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Again, this article is pretty harmless, but it is a pretty amazing time capsule for all of the icky, gooey, gross stuff that was available at the time including Madballs, My Pet Monster, the Real Ghostbusters, the Masters of the Universe Slime, Slime Time Watches, Nickelodeon Green Slime shampoo, Garbage Pail Kids, the Inhumanoids monsters, those weird Hasbro Belly Buttons, and Mad Scientist Monster Lab playsets.

I wonder if Fred Savage ever conquered Bad Dudes?!

4461391534_02cce86892_oA little over a month ago I was farting around on Archive.org when I stumbled upon something magical.  In the magazine rack section some amazing soul had uploaded over 100 issues of the now defunct Nintendo Power magazine.  I was so excited about this I started sharing the link to the collection on twitter and facebook, and then next thing I knew everyone and their brother was also sharing the link.  Sadly it looks like all this attention potentially drew the ire of Nintendo, and all of the issues seem to have been removed from the site which is a real bummer.  Luckily I managed to snag a bunch of these and I’ve been able to dive back into the pages of one of my all time favorite magazines.  As a quick aside, even though it shouldn’t, it endlessly amazes me how news is reported inaccurately online.  Two days after I shared the link to the Nintendo Power archive and I started seeing sites report on it, about 75% of them assumed that either a) Nintendo uploaded them, or b) that the “internet archive” uploaded them.  First of all, do people not know how the Internet Archive works?  Second, hell no, Nintendo did not upload them, and three seconds of fact checking at the destination link would have shown them that.  I think a bunch of these articles were just “me too” pieces that basically plagiarized whatever larger/loud source got it wrong first and no one bothers to fact check or do any research.  I often wonder when something like this hits, do people even care about the actual news, or are they just interested in sharing it for likes, follows and clicks?  Sigh.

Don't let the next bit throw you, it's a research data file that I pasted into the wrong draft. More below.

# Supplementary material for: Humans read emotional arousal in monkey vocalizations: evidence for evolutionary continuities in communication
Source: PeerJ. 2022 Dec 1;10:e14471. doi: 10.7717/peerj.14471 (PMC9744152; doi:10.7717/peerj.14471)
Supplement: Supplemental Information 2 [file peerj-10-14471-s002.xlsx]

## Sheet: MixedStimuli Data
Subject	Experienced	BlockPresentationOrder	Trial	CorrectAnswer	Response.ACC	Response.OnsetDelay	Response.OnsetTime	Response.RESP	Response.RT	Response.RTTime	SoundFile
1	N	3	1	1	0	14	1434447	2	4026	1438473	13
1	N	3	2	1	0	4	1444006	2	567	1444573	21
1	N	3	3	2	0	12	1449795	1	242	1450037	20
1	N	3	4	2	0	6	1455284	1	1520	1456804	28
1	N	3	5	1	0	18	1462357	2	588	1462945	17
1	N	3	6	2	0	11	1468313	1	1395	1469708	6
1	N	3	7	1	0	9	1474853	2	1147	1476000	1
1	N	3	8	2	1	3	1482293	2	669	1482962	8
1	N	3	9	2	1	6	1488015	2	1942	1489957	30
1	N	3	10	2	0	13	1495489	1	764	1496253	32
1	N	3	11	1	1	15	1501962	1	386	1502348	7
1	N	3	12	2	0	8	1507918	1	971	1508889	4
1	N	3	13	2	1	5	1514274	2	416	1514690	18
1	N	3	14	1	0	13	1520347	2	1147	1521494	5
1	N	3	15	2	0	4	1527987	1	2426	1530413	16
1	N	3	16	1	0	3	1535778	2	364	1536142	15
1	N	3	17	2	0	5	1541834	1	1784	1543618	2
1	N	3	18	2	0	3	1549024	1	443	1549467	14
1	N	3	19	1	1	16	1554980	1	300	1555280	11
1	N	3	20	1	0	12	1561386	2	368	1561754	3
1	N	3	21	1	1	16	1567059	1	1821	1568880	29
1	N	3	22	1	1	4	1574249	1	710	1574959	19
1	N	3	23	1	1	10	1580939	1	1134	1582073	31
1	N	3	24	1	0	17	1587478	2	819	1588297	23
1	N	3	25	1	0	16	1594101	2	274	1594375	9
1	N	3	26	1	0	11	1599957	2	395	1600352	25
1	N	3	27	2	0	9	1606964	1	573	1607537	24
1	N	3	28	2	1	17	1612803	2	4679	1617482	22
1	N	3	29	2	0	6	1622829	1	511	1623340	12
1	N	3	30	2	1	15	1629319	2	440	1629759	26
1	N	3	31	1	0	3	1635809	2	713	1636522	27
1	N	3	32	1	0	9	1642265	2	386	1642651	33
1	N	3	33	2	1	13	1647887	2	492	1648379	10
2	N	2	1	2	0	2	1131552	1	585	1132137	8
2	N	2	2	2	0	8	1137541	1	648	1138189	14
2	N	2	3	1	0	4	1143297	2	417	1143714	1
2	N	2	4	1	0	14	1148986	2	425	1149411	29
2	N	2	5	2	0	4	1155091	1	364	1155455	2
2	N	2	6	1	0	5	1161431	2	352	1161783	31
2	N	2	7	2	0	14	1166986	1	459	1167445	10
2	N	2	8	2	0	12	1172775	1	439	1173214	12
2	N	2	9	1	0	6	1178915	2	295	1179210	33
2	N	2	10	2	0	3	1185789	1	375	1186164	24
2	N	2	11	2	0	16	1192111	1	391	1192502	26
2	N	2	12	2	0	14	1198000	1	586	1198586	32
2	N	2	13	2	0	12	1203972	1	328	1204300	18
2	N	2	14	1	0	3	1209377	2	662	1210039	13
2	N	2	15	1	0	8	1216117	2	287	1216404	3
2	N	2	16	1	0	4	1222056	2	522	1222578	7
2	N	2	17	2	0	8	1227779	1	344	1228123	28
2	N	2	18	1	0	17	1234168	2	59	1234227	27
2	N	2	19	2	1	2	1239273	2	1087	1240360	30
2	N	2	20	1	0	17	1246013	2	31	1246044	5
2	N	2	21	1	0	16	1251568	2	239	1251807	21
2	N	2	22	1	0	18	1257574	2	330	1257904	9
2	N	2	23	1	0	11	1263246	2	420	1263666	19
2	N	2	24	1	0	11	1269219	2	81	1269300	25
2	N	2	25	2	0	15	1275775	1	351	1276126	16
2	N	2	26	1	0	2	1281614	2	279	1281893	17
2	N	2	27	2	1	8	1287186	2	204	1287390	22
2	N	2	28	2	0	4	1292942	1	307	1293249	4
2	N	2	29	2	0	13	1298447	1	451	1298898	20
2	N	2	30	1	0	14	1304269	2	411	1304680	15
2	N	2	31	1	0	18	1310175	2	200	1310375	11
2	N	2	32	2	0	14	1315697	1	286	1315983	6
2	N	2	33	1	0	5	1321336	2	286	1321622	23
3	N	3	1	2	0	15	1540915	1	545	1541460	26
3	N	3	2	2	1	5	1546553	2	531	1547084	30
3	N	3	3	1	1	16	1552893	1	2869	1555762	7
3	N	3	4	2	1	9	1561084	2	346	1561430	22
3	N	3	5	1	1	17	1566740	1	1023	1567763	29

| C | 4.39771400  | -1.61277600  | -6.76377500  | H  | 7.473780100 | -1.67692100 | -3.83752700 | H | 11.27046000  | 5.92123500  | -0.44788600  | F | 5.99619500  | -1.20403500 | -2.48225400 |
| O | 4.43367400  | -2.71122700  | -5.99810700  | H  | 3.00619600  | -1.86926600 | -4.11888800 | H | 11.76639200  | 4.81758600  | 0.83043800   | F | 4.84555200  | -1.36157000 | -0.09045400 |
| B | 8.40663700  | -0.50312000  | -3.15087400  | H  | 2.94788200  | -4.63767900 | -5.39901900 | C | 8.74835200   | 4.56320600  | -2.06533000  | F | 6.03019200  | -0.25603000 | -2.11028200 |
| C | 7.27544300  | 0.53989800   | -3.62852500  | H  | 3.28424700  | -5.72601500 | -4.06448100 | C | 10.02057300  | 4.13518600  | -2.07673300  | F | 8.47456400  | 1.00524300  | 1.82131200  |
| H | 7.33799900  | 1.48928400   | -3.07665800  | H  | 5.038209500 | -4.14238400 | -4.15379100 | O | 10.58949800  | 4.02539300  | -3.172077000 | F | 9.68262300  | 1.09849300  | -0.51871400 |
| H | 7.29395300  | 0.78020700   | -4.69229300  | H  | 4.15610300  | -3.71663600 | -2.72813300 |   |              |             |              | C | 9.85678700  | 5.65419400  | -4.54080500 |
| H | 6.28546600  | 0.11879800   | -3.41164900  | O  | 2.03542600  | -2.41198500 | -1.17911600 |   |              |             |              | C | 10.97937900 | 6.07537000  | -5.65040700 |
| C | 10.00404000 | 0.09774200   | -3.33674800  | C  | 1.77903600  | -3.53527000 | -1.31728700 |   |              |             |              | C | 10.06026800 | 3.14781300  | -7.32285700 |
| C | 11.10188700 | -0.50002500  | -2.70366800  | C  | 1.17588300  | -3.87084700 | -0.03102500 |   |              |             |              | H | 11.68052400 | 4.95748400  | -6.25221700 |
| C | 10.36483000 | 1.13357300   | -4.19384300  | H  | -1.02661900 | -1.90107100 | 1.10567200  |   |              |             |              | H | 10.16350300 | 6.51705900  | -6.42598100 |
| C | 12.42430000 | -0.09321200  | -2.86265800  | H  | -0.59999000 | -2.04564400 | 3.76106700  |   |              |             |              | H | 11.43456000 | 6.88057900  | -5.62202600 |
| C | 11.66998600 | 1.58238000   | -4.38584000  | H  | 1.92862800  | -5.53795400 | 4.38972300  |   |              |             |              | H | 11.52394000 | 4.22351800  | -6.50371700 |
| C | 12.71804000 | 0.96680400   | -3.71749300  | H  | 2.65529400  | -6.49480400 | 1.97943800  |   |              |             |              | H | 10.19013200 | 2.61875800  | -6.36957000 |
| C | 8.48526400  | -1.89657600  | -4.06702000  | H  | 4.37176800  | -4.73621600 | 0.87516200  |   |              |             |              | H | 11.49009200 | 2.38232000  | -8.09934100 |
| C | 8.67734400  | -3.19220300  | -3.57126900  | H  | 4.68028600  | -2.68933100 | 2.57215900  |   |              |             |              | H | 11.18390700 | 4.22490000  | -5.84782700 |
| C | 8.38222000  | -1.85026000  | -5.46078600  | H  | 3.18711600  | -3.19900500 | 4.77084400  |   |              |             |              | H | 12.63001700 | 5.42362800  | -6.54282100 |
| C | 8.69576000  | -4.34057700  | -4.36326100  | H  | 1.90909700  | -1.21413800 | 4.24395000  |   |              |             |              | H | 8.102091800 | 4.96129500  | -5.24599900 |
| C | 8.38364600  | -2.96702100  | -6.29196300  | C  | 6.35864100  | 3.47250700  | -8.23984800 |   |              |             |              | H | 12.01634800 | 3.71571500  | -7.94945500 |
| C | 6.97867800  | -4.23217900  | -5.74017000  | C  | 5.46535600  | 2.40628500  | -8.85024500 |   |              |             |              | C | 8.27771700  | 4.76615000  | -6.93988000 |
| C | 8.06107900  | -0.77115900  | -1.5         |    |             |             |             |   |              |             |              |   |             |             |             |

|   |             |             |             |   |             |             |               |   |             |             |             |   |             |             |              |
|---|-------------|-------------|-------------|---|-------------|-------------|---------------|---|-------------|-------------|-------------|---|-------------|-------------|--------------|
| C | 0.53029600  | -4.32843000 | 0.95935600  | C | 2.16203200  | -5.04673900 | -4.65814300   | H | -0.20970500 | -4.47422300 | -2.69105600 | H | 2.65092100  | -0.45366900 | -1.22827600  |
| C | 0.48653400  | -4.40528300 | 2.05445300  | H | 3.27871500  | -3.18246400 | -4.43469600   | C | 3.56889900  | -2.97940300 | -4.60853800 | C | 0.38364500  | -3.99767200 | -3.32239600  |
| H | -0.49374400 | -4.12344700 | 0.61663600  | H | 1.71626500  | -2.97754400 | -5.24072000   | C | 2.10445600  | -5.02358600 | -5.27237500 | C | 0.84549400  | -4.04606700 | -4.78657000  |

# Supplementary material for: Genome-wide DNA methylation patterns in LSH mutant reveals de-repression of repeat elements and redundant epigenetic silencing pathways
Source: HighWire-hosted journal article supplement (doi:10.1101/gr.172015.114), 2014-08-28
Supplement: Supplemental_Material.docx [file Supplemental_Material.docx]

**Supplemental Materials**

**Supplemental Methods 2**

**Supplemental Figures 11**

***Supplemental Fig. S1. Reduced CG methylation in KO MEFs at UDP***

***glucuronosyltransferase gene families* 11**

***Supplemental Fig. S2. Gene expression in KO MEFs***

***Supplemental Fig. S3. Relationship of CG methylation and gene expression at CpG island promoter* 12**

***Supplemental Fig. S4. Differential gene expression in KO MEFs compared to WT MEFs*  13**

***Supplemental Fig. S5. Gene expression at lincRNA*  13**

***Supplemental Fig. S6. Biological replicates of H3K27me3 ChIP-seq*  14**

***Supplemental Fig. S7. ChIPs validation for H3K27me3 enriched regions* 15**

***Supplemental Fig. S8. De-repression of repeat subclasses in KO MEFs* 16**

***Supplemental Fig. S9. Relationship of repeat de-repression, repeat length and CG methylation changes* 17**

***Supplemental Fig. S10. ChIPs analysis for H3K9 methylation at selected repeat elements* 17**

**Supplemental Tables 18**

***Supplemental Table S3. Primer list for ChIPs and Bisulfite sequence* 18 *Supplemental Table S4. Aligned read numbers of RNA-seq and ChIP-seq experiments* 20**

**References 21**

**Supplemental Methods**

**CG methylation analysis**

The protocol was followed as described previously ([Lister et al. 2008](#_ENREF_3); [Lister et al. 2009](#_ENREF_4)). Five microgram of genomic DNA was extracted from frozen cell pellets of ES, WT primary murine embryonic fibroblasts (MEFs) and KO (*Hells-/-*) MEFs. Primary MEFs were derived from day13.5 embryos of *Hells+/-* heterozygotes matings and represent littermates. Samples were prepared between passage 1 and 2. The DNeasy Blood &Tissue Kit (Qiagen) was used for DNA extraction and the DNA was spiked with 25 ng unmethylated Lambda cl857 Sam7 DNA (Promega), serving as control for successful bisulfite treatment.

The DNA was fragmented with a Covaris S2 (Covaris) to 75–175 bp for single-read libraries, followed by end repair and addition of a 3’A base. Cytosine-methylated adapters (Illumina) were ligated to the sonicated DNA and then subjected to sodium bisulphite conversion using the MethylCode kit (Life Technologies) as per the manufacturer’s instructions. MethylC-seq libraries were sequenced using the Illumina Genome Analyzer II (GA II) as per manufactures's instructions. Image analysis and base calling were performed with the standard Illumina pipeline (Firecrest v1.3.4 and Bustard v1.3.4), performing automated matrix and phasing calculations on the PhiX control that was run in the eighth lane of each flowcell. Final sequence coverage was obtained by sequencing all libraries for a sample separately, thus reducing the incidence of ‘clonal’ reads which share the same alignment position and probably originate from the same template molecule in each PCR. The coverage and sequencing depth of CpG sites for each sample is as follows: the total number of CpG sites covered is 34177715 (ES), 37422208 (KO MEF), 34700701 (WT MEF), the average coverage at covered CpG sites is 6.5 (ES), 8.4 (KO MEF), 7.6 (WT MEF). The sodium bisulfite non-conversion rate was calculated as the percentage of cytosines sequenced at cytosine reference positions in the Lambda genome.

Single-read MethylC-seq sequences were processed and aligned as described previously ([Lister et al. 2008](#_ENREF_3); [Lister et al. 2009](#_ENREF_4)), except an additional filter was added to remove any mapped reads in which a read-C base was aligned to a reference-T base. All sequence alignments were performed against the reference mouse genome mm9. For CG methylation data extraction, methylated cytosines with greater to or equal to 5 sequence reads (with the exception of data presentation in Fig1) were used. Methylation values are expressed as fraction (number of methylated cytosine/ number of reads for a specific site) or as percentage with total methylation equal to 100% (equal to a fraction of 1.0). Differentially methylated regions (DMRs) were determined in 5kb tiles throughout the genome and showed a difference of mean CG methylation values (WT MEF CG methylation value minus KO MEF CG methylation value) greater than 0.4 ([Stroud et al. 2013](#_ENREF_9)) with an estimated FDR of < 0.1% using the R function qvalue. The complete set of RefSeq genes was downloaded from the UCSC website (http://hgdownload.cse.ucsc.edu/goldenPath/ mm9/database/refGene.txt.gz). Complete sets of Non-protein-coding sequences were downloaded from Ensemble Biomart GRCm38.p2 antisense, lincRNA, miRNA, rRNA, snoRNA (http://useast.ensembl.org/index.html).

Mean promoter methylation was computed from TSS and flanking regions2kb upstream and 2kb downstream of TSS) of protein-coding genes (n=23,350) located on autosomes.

Back to the magazine, I’m not sure where I stumbled on the first issue as a kid, but I vividly remember starting my collection with that very distinctive issue with the rad claymation cover back in 1988…

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Like most kids my age I was addicted to the Nintendo Entertainment System and spent endless and afternoons and weekends perfecting my skills in games like the Super Mario Bros. trilogy, Bad Dudes, Section Z, Excite Bike and Final Fantasy.  I used to pour over the pages of this magazine looking for tips, tricks and codes that would help me find my way to the negative world or get a hundred lives in Super Mario Bros., how to perfect the Konami Code, or how to navigate the murky world of Final Fantasy (via the amazing Strategy Guide in issue 17.)  At some point I lost my sizeable collection of the magazine (I’d bet that my parents chucked them in one of our moves), and I haven’t dug into an issue since at least 1994.  Flipping through these digital issues has been a blast and I absolutely love how “of the time” the graphic design is in all the ads and articles.  I mean just take a gander at these two amazing slices of late 80s fun…

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I kind of want to live in that surfing advertisement.  Then there’s this third ad that details all of the Nintendo branded food products that were available back in the late 80s.  I totally ate my weight in the official Nintendo cereal from Ralston, well, at leas the Zelda side of the box.  I wasn’t much of a fan of the Mario Bros. cereal…